Program seeks to employ poor
By Burton Speakman
A private and public partnership is doing what it can to put poor Mahoning Valley residents to work in manufacturing and health care.
WorkAdvance receives federal funding, but it pays for the majority of its costs through gifts from private trusts and other entities to help it conduct its work, said Joe Caruso, president & CEO of Compass Family & Community Services, which operates the program. The federal funding comes through the Social Innovation Fund, which requires a significant amount of measurable success and data-backed results to guarantee a return on taxpayer investment.
“This is truly a public- private partnership,” he said. “We get feedback from the employers who hire these individuals.”
The goal is to make sure these potential employees are placed into situations with the potential for career growth, said Diane Dejulio, center for workforce development director for Compass.
“Manufacturers and health-care companies are looking for workers with good thought skills, good attendance, the ability to take criticism and a willingness to learn on the job,” she said.
Medical professions also are looking for people who understand medical terms and have basic health-care knowledge, Dejulio said. The program attempts to work the skills sought by the industries into its training courses.
One of the programs created to meet employer needs is a welding program that was created, said Jessica Borza, executive director of the manufacturers coalition. The welding training is being conducted with the Mahoning County Career and Technical Center.
“They’re filling what I see as a gap in the employee-training programs,” Borza said. “They learn the basics of what is important for the industry.”
The training they receive has a contextual basis. They may learn math or reading skills as part of their training, but they are taught in a way that is relevant to manufacturing, she said.
WorkAdvance developed its program effectively by working with the existing work-placement and training programs without duplicating services, Borza said.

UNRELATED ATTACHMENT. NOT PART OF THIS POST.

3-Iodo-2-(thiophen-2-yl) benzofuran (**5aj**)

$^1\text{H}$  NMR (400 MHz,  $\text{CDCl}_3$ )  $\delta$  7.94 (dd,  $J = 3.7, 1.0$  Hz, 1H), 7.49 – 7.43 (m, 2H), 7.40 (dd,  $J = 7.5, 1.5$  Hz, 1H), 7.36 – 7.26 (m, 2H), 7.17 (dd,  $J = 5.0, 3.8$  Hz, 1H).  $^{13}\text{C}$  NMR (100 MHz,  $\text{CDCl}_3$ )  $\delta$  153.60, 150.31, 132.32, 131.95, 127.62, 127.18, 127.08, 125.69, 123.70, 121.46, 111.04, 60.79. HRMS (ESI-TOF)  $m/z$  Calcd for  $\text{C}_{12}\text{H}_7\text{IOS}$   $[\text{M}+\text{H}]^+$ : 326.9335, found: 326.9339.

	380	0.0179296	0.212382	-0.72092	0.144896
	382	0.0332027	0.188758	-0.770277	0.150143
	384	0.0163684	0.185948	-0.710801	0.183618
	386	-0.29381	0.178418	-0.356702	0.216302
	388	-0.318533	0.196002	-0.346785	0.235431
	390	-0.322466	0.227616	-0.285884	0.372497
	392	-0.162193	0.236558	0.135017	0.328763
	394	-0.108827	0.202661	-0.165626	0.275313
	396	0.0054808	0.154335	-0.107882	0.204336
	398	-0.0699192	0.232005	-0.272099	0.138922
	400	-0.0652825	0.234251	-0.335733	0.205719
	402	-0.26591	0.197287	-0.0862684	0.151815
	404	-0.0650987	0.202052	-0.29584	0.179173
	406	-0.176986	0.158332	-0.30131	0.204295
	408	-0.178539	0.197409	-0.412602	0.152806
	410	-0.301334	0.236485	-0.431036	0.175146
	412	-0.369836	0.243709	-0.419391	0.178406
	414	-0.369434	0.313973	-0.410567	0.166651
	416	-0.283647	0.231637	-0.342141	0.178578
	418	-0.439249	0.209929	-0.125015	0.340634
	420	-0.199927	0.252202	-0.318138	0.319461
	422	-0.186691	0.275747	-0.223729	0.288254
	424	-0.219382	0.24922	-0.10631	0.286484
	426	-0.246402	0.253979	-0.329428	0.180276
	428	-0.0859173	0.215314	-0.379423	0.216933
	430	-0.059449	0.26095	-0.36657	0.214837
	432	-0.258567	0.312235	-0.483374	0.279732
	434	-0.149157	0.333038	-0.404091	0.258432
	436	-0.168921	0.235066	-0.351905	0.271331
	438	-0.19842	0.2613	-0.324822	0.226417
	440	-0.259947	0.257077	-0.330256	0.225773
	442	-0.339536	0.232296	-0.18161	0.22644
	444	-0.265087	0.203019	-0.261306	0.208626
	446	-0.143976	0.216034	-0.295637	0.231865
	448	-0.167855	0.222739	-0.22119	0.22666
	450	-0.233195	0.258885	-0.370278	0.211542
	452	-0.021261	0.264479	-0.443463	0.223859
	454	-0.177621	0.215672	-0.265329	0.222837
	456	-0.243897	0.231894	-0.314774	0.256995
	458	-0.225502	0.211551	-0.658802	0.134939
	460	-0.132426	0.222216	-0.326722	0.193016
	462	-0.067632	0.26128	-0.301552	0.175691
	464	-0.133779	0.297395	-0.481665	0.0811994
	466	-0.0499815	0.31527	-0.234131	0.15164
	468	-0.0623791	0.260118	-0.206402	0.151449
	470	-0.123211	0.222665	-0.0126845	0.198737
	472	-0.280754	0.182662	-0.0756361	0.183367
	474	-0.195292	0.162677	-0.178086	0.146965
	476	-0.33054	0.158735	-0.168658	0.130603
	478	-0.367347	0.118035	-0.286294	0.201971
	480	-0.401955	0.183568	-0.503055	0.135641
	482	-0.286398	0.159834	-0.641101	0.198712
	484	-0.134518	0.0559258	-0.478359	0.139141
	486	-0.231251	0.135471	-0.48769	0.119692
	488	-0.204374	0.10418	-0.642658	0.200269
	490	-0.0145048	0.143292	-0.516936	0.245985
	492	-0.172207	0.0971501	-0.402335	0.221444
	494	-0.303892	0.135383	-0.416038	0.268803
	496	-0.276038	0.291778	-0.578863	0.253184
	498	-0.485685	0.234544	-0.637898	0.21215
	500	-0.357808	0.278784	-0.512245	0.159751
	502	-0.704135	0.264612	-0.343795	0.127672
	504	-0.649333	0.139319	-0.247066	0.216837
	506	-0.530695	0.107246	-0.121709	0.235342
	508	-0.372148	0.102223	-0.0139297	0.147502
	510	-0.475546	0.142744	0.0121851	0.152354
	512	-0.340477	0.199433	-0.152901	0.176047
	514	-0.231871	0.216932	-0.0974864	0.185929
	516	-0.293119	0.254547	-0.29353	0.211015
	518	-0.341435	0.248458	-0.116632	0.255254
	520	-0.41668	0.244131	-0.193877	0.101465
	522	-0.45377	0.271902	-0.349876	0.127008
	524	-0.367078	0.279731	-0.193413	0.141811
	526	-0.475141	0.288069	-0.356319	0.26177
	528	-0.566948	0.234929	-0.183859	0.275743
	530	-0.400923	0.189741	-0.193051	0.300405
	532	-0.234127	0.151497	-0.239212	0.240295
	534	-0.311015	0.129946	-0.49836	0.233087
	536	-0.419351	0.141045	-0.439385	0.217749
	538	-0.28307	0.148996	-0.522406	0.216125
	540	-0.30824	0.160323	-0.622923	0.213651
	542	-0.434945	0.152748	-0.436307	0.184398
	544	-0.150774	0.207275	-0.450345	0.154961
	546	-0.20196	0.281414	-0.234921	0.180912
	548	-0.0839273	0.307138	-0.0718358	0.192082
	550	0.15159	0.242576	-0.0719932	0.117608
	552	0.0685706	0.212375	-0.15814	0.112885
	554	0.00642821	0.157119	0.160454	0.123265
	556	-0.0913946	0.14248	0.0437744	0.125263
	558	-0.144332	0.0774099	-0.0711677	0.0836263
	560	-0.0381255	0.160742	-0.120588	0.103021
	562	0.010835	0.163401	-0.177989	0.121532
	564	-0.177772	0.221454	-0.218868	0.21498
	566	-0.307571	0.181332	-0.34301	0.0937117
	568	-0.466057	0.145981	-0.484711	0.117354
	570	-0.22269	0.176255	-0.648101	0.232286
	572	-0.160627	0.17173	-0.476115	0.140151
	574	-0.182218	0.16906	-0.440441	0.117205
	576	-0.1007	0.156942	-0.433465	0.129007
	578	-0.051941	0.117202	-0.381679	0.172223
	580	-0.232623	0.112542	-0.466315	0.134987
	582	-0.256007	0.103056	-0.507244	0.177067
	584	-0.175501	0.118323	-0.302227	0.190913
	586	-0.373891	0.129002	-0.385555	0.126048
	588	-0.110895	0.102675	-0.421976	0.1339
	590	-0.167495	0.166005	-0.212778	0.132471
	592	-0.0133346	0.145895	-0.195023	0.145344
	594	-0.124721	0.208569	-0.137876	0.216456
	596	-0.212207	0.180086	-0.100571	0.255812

The program looks at what the individual needs to help them succeed, not just the technical skills they might need to get a job, said Kristina Miller, director of work force development for Humility of Mary Health Partners.
“I’ve heard examples of them providing gas cards to workers to help them pay for transportation before they get a paycheck,” she said.
This program also can help workers already working in medical fields to have the opportunity to advance in ways they might not otherwise experience, Miller said.
Les Hawkins of Campbell, one of the program participants, was able to use WorkAdvance to go from a part-time job with no benefits to a full-time position with Dairy Farmers of America near New Wilmington, Pa.
“The program was a good experience for me. It helped me create a better resume and helped me to get a clear idea of what I wanted to do with my career,” he said.
Since getting the job, Hawkins has remained in contact with the Work- Advance staff. He has also told a couple of friends about the program and has one currently enrolled in the health care portion.
To qualify for the program a person has to be unemployed or making less than $15 an hour, have a high school diploma or GED, be 18 or older, pass a drug test meet income guidelines and health-care industry standards for criminal history.
For more information about WorkAdvance, call 330-480-4384, ext. 229.